This quote appears inside of an article about the Bell Telephone Company’s experiment with educating executives in a broad range of topics.  The executives attended a 10 month program designed to expand their horizons by reading a wide range of books, engaging in discussion with leading thinkers, and listening to guest lecturers.  In the end, even though the graduates better understood the world around them, were more interested in the workings of society, and could see more than one side of an argument, Bell ended the program. The unexpected outcome was that in expanding their confidence and critical thinking capabilities, the executives  were more likely to put their families and communities ahead of the company’s interest in the bottom line.

Katzenbach and Khan in Leading Outside the Lines write that today’s formal leadership programs can create a “self-reinforcing system” when they are based on templates designed to reproduce more leaders like those already in place. Choosing formal leaders is usually based on a process defined by degrees and certifications, alongside demonstration of increasing responsibility and delivery of bottom line results. Many training systems have been adapted from the Bell experiment to better serve the company interest in the bottom line.

Or do they serve it better? I would suggest that both are needed. The discipline of learning through education should be broad as well as deep. People need to be well-trained in technical skills. And, people need to be educated in a wide range of subjects and how to be critical thinkers. No company stands alone. Each is part of larger systems that include families and extended families, communities that are connected to schools and housing, and the global community.  We need leaders who can debate and consider all sides of a question, but most importantly, “know what questions are worth asking.”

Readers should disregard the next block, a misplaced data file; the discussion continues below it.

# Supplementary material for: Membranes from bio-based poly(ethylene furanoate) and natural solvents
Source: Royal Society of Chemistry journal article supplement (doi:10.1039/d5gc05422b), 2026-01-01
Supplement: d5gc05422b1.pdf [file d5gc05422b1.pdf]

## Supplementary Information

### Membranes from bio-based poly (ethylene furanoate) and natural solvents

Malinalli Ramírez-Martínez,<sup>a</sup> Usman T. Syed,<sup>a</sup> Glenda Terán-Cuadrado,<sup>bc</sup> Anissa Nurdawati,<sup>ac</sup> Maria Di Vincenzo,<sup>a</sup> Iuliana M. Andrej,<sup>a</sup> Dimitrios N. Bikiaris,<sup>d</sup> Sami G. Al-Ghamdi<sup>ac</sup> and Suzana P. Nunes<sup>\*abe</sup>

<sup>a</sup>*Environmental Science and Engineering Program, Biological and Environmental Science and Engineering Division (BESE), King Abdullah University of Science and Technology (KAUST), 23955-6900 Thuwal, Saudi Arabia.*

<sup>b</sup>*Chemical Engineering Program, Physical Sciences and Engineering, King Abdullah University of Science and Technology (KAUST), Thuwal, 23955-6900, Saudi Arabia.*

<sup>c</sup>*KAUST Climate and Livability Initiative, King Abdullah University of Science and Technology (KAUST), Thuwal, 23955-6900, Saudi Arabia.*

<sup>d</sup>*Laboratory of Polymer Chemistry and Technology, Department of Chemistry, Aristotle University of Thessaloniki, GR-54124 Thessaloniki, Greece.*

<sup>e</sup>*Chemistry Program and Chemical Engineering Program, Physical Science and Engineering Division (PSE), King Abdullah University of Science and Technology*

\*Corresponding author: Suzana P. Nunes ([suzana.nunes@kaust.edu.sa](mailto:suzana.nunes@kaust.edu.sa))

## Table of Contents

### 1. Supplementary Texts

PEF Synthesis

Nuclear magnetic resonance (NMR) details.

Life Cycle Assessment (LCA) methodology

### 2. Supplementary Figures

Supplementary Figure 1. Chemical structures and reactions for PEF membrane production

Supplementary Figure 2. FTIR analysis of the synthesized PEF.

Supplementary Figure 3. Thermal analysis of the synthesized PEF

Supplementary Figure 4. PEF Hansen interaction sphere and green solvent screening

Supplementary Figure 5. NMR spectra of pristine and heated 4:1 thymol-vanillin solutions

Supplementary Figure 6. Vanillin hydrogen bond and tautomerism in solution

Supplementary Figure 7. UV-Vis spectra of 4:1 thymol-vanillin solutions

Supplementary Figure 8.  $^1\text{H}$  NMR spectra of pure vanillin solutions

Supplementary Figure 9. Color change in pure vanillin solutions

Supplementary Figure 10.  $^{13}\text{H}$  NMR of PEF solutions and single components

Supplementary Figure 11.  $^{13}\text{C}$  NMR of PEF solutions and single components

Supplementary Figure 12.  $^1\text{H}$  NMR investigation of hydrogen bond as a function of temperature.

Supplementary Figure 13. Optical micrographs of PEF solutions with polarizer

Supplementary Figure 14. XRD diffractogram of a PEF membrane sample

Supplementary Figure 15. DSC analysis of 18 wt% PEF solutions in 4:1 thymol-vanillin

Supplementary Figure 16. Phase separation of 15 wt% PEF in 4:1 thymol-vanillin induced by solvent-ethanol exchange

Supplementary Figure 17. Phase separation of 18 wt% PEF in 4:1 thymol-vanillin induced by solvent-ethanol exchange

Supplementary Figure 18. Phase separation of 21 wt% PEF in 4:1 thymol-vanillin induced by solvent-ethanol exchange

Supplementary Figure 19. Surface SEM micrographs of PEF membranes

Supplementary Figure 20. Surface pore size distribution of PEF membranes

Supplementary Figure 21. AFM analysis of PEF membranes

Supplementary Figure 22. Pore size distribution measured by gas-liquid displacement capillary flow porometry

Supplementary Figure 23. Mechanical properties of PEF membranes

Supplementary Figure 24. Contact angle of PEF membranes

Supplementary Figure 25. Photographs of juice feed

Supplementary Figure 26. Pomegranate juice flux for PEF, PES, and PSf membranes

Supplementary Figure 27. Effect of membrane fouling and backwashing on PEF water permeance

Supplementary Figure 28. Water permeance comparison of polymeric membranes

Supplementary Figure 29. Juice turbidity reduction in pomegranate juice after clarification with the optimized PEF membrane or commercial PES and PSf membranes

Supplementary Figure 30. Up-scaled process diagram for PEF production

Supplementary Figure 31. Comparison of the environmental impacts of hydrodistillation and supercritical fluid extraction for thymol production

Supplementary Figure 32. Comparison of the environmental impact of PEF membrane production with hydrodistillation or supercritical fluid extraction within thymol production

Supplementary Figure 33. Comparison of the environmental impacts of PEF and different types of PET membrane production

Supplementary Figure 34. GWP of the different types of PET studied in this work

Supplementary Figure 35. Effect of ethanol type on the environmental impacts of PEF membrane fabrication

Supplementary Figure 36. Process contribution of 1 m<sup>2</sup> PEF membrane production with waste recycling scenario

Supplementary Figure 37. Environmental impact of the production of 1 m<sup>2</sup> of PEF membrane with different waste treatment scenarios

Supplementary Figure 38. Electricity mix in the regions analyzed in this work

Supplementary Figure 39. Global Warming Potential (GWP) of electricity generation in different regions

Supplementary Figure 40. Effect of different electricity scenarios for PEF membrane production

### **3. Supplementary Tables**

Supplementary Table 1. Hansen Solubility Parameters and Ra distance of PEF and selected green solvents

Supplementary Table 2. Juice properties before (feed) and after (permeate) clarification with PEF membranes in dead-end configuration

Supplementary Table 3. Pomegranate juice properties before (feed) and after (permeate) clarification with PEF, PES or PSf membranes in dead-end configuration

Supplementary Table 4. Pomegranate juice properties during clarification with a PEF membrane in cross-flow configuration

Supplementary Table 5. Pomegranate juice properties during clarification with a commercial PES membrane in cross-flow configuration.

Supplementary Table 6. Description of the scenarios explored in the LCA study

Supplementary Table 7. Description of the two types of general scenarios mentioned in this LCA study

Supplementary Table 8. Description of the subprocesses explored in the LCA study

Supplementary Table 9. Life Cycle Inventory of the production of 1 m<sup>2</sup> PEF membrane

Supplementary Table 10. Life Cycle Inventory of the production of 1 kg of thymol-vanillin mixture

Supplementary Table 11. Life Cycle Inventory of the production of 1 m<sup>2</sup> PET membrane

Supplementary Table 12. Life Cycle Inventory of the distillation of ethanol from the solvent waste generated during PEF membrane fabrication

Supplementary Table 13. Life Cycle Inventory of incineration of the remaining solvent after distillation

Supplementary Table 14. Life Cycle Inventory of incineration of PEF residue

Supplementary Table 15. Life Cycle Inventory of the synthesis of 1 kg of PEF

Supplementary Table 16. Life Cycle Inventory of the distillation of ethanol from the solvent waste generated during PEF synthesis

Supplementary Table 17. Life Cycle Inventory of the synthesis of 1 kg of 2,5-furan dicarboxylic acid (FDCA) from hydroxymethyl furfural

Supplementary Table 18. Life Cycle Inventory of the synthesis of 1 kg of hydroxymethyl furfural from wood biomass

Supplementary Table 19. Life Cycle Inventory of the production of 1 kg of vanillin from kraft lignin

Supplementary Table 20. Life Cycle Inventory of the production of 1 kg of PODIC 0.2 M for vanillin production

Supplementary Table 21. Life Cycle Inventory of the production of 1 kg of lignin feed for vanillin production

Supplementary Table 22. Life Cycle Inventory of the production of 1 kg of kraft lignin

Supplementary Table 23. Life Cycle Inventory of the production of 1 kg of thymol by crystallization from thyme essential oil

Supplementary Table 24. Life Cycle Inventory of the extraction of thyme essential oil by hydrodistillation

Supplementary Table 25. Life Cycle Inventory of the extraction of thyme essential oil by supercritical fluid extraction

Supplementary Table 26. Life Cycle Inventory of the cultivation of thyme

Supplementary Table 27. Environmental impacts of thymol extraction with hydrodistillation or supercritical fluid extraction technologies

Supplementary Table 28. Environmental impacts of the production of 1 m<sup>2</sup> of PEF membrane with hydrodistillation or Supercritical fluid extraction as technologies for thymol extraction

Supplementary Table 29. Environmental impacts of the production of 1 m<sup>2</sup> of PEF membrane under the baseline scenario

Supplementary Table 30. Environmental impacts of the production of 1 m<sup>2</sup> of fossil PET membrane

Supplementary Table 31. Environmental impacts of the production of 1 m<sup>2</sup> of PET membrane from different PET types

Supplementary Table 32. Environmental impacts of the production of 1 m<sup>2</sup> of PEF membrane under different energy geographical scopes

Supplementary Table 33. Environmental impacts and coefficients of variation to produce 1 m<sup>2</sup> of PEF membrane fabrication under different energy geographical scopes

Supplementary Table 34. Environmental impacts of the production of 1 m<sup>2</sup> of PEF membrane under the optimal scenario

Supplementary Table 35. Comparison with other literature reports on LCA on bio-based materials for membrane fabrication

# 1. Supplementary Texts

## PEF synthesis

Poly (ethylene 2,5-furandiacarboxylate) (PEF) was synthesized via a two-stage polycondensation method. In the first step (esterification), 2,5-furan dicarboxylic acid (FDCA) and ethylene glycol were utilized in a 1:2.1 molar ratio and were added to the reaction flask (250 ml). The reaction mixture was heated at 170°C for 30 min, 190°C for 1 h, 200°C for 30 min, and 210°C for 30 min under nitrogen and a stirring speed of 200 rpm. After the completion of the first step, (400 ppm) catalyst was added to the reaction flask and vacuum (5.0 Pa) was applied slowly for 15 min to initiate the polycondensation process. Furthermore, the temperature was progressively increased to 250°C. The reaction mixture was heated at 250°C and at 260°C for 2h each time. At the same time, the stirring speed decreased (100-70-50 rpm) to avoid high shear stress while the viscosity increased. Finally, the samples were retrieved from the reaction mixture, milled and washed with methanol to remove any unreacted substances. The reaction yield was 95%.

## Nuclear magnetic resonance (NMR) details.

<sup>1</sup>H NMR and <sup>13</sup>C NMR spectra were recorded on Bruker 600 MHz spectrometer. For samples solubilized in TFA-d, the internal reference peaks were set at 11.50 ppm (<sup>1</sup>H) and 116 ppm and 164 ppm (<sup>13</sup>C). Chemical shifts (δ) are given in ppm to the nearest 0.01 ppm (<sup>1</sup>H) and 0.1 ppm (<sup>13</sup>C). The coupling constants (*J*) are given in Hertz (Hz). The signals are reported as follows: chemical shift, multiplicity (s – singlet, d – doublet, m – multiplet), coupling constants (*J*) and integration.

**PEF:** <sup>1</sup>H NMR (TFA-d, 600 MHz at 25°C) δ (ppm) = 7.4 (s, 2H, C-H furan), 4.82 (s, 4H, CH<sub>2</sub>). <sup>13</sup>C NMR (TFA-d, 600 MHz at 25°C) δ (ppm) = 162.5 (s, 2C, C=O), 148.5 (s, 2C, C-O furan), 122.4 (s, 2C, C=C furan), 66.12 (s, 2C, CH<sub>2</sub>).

Using questions to create doorways

I continue to consider what it means to crack the cognitive egg. Critical thinking is essential to creating new neural pathways. Questions are a tool to stimulate critical thinking. Questions can be trivial or complex.

In an organization, trivial questions may sound like:

  • Who is in charge?
  • How many departments do you have?
  • How often do you have an all-hands meeting?
  • What is your mission statement?

On the other hand, complex questions are meant to create dialogue and discussion. They provoke people to search for the answer and learn along the way. They stimulate other important questions. They can’t be answered once-and-for-all, but keep showing up over and over again. They require re-thinking assumptions and prior lessons.

Here are the above questions revised to increase their complexity and stimulate critical thinking:

  • How does your organization define leadership? Who in your organization demonstrates those leadership characteristics?
  • If you could draw a picture of how your organization divides up and shares responsibilities, what would it look like? Do you see any patterns? How has this picture changed over time?
  • What are the formal and informal ways communication happens in your organization? What are the benefits and weaknesses of the formal and informal communication methods?
  • How does your definition of leadership, the way you manage responsibilities, and communicate say about the core values of your organization? What is significant about the values of your organization?

A final question: How do the answers to these questions fit with what you thought the answers were yesterday?

I close with a quote:

It is easy to ask trivial questions . . . . It is also easy to ask impossibly difficult questions. The trick is to find the medium questions that can be answered and that take you somewhere. – Jerome Bruner in Understanding by Design, 2005, p. 105.